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Building furniture, day 3

Amazing!   Another mostly sunny day.   That’s practically a record lately, so we took full advantage and spent it all working on the Caravel’s furniture.   The “shop” is humming right along, although we lost a lot of time today waiting for glue to set.

Although yesterday I said we weren’t able to use glue, what I meant was that we can’t use glue on pieces that will need disassembly for shipping purposes.   There have been at least a dozen places where glue has been indispensable, especially building the cabinet and closet doors.   We managed to finish all the doors we started yesterday, including final trim and sanding.   They look great.

Our technique of stacking all the doors in a pile and then weighting the pile down with paving stones worked very well, so we’ve been doing that all day instead of using clamps. With limited flat clean space to work on, the table in the Airstream had to be pressed into service too.   That helped keep up the pace of production at our “furniture factory” (as my father calls it).

We also finalized the gaucho, then disassembled it and packed it in the Armada with the rest of the rapidly-growing pile of furniture.   In between large cuts, I put together some of the many “miscellaneous” pieces, including two interior partitions for the kitchen, one interior partition for the gaucho, some blocks, and a couple of facias.   There are still another half dozen or so miscellaneous pieces yet to go.

Eleanor tested the stain we bought, but it was a disappointment.   We don’t have time to keep experimenting with stain, so I called Susanne Brown, the interior design expert and asked her to recommend a stain that would work with the color of Marmoleum floor we have.   She’s working on it.   Stain may become the bottleneck of this project, since we can’t put polyurethane on anything until we have the stain picked out and applied.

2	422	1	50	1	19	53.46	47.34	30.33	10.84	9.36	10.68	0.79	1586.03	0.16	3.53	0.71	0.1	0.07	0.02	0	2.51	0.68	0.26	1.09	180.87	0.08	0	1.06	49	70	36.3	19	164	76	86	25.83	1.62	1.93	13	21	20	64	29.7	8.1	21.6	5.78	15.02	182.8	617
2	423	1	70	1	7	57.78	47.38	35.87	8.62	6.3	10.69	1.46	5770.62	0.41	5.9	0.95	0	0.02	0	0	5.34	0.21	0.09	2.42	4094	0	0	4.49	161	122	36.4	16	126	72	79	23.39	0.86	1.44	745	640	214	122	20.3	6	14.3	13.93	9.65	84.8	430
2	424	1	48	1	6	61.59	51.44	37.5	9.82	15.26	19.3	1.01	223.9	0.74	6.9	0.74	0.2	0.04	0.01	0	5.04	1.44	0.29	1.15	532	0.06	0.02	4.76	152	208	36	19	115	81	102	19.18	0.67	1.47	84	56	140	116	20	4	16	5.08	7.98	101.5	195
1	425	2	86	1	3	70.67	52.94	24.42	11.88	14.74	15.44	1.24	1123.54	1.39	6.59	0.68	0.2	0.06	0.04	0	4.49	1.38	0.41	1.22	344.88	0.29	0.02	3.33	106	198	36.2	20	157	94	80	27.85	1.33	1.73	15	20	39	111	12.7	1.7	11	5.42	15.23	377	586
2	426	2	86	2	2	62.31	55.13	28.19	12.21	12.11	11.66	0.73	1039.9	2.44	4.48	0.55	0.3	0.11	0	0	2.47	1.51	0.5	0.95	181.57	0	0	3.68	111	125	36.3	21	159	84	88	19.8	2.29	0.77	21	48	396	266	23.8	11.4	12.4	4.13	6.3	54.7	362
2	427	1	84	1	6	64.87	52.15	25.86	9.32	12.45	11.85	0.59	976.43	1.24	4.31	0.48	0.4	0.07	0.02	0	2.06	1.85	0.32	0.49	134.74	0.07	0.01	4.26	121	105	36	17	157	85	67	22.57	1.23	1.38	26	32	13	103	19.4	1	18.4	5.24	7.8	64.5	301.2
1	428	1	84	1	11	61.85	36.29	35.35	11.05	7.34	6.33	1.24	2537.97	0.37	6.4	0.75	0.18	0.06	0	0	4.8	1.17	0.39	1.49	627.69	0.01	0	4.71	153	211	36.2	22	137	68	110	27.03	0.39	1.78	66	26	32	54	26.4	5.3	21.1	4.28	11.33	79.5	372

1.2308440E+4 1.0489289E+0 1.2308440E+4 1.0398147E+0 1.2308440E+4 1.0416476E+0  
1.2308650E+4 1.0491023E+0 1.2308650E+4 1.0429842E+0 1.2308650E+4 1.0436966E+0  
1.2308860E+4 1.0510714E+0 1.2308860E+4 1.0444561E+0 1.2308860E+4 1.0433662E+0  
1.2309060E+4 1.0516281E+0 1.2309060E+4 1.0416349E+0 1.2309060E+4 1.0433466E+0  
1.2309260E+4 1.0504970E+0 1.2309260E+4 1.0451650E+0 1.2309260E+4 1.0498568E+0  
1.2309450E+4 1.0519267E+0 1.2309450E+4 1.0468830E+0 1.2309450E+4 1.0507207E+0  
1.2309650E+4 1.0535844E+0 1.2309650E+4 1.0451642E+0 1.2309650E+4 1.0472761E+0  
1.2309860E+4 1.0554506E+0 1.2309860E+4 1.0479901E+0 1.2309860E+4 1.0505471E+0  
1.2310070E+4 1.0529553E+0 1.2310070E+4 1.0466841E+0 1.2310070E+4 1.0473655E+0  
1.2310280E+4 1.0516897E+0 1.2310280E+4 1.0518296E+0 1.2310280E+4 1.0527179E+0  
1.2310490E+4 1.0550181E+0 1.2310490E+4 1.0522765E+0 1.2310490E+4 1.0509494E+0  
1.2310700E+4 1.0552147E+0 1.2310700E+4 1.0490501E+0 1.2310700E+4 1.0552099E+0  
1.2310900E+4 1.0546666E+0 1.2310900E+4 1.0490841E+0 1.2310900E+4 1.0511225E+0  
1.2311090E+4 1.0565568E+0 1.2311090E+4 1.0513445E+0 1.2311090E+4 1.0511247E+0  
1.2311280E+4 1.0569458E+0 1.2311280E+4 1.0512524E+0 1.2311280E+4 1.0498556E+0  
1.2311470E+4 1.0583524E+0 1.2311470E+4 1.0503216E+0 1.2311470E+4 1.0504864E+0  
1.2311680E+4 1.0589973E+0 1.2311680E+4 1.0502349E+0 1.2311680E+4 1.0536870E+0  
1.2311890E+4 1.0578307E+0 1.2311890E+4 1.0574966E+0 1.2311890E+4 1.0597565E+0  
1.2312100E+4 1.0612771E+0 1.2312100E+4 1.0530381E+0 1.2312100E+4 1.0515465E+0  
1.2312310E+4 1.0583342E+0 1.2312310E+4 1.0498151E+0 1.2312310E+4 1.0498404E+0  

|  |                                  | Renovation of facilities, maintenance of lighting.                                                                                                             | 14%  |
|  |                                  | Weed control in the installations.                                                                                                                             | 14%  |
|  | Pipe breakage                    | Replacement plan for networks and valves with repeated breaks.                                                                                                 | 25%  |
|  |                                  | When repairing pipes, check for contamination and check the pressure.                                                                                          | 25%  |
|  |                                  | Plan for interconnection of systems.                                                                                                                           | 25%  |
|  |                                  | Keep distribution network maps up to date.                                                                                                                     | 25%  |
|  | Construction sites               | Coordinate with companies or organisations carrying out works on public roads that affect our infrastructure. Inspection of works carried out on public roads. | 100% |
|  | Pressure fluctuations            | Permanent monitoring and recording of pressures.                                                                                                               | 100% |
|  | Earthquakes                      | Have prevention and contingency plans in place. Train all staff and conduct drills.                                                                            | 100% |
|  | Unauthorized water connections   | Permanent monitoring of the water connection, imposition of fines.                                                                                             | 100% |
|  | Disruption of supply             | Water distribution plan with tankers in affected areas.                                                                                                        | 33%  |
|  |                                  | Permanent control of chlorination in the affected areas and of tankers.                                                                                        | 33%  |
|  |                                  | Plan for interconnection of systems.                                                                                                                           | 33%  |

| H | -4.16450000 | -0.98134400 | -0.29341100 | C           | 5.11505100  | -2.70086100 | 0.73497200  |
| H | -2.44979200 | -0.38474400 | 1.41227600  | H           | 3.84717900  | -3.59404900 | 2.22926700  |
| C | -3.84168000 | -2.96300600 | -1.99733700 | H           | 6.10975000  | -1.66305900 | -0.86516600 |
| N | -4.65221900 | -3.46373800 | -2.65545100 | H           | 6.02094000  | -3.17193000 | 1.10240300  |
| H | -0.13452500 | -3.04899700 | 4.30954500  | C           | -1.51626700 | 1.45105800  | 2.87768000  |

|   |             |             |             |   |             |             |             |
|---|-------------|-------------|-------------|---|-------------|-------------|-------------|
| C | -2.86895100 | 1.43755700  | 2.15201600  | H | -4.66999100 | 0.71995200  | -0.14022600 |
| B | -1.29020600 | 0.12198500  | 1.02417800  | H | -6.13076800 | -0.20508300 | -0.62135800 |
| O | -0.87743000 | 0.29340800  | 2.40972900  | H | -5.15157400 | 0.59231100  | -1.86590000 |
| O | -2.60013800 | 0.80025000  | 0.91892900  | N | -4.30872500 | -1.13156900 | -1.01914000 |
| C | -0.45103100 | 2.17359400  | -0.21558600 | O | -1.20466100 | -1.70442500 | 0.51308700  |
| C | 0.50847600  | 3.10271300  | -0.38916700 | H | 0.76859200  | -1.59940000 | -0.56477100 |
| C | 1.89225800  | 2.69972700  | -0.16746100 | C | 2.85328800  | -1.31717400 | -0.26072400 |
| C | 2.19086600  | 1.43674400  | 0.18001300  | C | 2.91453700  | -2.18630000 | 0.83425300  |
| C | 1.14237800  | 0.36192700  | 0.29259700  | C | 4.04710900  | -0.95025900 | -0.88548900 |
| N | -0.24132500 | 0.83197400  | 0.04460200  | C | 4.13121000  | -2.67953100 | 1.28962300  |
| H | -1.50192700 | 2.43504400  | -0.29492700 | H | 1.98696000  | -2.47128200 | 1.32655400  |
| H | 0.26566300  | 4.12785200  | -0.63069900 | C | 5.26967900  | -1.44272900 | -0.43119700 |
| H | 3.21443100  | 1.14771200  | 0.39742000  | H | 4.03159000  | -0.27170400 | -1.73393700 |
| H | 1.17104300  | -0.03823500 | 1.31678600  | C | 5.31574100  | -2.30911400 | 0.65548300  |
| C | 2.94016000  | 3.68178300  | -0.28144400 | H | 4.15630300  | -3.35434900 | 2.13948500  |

We aren’t going to build any of the interior shelving at this point.   All of the shelving has been replaced by prior owners and no two pieces are the same.   Instead, we’ll build shelving after everything else is installed, next summer.   That will allow us to customize the interiors of the cabinets and closets to suit our needs.

A big pleasure of doing this project comes from being able to replace the old parts with new parts that are much better than the originals.   I can take a little extra time and re-design a piece to have a nicer curve, fewer screws, smoother edges, tighter joints, or stronger supports.   For me, that is a big reward and a motivator.   Our trailer will be better than new, when we’re done.

One of the problems we are facing at the moment are the “mystery” pieces.   We have an entire box of oddly-shaped wood parts that we can’t identify.   They are so strangely designed and unfamiliar that it is hard to believe that they even came out of our trailer.   Some of them are clearly shelves, which means we can ignore them, but others have pieces of finished elm on them, which means that they are visible somewhere in the trailer.   We can’t ignore those.

The problem with those pieces is that in most cases they have obviously been re-worked by someone.   That’s generally a bad thing, because re-worked parts tend to be — shall we say — “less than optimal.”   They are shabby, riddled with mismatched screws, and have the distinct appearance of having been “fixed” in a big hurry.

If I knew what those parts were, I would know whether we should re-build them exactly as they appear, or   design them more suitably for their function.     But we are so far flummoxed by about ten strange parts.   If I spend time rebuilding them and they turn out to be messed-up designs, that’s a lot of valuable time and wood wasted.   Tomorrow I have to start on them if they are to get done at all, so some rapid decision-making will be done   in the morning when I’ve got a fresh mind to consider the problem.

This is the first woodworking project I’ve taken on since we sold our house three years ago.   As Eleanor and I worked on it today, little tricks I’d forgotten kept popping back into my mind.   I remembered how to straighten a crooked board on the tablesaw, how to set up a straight line cut with a jigsaw, and a thousand other small tips that sped the work.   I also popped the iPod into our new Atlantic Ego sound case, so we had tunes all day long too.   (The nice thing about the Ego case is that it is dustproof and waterproof.   It gets covered in sawdust, but at the end of the day I just rinse it off in the sink!)

Between motivation, memory, and music, the work moved along quickly.   Now I’m starting to regret the impending end of this phase of the project.   I’d like to keep going, and install all our handiwork in the Caravel right away.   But with only a handful of days left, that’s impossible.   We’ll put in just another day or two, before we hit the road again.